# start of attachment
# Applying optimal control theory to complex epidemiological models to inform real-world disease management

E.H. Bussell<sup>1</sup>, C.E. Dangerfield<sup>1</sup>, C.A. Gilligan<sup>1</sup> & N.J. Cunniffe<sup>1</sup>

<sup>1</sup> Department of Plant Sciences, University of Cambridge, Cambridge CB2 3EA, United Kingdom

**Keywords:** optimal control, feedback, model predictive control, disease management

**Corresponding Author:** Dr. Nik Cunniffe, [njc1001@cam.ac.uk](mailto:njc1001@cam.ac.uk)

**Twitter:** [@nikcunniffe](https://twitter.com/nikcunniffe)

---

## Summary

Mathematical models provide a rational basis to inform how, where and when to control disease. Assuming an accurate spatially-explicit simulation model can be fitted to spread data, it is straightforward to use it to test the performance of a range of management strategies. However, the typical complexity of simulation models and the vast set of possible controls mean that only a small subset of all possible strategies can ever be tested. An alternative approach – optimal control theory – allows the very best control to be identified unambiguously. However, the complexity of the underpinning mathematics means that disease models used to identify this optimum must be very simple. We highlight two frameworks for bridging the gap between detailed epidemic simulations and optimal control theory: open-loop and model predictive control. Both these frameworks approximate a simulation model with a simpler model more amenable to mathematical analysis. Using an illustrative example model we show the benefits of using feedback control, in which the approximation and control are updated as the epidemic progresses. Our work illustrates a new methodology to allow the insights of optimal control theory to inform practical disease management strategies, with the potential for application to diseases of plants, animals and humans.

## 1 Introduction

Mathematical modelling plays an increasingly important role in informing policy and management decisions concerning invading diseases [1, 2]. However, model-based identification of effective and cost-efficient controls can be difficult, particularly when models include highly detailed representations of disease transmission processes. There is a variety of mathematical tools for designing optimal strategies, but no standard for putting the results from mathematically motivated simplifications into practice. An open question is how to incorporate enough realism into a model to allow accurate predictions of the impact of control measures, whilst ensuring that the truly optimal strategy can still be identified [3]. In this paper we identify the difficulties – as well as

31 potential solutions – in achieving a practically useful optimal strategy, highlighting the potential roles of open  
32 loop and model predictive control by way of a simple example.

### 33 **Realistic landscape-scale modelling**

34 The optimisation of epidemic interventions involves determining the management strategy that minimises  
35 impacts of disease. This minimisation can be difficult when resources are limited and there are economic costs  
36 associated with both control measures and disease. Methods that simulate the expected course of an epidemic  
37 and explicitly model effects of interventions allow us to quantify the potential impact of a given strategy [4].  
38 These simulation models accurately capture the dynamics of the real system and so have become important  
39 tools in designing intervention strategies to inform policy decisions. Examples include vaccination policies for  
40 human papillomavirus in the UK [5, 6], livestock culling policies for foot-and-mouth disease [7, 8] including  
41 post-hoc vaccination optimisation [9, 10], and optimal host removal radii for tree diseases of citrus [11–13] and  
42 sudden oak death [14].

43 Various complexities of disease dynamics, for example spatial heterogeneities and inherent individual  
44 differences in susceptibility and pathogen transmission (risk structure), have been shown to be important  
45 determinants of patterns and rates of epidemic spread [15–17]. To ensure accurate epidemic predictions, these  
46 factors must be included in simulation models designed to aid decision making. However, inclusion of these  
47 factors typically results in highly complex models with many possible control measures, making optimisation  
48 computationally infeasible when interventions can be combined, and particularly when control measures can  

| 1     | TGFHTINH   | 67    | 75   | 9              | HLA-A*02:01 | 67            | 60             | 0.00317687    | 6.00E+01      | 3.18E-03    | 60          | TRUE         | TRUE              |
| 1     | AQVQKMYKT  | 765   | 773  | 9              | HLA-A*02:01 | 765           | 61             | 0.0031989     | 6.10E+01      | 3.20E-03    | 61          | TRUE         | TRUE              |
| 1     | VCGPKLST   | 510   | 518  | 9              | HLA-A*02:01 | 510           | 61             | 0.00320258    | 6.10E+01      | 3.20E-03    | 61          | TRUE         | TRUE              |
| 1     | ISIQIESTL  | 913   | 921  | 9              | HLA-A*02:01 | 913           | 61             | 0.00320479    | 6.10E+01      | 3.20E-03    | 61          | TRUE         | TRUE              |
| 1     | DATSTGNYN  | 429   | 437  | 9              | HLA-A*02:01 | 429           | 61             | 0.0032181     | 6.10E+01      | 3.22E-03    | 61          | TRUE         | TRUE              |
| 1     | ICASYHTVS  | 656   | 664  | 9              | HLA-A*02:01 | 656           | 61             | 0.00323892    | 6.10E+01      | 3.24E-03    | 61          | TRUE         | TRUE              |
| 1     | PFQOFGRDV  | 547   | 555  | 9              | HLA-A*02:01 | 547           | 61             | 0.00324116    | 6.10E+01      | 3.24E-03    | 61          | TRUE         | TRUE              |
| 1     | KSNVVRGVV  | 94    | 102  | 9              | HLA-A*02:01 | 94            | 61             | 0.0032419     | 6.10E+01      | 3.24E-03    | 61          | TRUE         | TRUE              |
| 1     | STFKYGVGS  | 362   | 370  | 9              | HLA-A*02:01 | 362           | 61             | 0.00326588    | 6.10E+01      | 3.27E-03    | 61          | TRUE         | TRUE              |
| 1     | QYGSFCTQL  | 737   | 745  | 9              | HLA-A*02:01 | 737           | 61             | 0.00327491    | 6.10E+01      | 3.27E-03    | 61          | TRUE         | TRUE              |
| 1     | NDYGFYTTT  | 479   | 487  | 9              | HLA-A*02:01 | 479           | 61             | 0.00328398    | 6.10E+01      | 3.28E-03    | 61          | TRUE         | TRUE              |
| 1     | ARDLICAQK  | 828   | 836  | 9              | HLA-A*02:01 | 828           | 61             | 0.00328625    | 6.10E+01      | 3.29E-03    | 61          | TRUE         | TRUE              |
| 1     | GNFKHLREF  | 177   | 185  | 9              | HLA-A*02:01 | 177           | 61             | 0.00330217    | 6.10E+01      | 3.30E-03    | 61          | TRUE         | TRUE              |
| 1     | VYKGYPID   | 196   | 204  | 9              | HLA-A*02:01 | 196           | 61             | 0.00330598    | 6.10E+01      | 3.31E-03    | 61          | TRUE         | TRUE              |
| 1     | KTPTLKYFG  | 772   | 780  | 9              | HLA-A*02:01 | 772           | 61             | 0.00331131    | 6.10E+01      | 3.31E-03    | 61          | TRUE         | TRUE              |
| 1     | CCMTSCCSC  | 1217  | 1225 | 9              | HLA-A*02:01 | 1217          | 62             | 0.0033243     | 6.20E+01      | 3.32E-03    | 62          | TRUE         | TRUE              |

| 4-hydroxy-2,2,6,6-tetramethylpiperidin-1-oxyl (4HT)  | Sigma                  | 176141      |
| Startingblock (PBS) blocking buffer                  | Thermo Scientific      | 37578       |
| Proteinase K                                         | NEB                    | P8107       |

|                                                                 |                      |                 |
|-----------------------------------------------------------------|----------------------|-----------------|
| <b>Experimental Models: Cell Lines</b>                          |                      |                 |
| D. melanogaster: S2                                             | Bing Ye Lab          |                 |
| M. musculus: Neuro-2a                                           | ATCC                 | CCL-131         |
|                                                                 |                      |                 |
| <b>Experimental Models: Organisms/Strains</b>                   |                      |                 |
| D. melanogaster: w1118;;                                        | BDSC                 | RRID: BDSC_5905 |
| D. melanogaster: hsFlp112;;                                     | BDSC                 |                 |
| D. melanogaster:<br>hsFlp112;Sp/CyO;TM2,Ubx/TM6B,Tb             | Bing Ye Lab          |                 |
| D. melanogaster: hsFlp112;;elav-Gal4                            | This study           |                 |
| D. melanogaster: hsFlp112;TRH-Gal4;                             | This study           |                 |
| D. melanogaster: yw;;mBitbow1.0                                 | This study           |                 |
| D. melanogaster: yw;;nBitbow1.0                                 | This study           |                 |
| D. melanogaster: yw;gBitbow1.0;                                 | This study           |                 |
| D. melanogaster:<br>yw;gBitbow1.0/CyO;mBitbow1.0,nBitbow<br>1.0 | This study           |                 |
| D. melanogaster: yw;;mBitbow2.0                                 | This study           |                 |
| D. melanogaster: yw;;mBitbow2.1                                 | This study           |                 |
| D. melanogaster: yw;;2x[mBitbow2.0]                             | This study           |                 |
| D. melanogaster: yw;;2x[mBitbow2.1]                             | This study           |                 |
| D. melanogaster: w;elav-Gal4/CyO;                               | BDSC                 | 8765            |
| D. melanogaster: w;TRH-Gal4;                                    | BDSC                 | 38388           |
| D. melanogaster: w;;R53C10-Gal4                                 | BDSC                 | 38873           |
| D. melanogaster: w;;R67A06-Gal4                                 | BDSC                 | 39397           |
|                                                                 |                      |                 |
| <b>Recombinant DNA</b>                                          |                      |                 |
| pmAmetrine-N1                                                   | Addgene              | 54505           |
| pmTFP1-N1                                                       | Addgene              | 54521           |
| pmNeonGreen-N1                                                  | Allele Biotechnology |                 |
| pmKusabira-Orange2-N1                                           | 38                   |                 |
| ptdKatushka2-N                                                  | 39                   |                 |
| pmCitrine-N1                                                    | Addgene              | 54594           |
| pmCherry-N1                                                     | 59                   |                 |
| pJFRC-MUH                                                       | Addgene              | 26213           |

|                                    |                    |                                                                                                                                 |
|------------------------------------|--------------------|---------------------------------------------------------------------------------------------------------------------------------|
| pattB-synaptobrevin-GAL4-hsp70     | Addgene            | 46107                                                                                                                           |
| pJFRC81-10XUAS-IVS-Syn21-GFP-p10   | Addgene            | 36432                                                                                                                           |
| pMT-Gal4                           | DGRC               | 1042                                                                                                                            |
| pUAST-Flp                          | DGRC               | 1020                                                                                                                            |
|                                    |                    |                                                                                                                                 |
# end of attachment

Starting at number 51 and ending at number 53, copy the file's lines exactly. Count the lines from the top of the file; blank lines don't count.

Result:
| <b>Experimental Models: Cell Lines</b>                          |                      |                 |
| D. melanogaster: S2                                             | Bing Ye Lab          |                 |
| M. musculus: Neuro-2a                                           | ATCC                 | CCL-131         |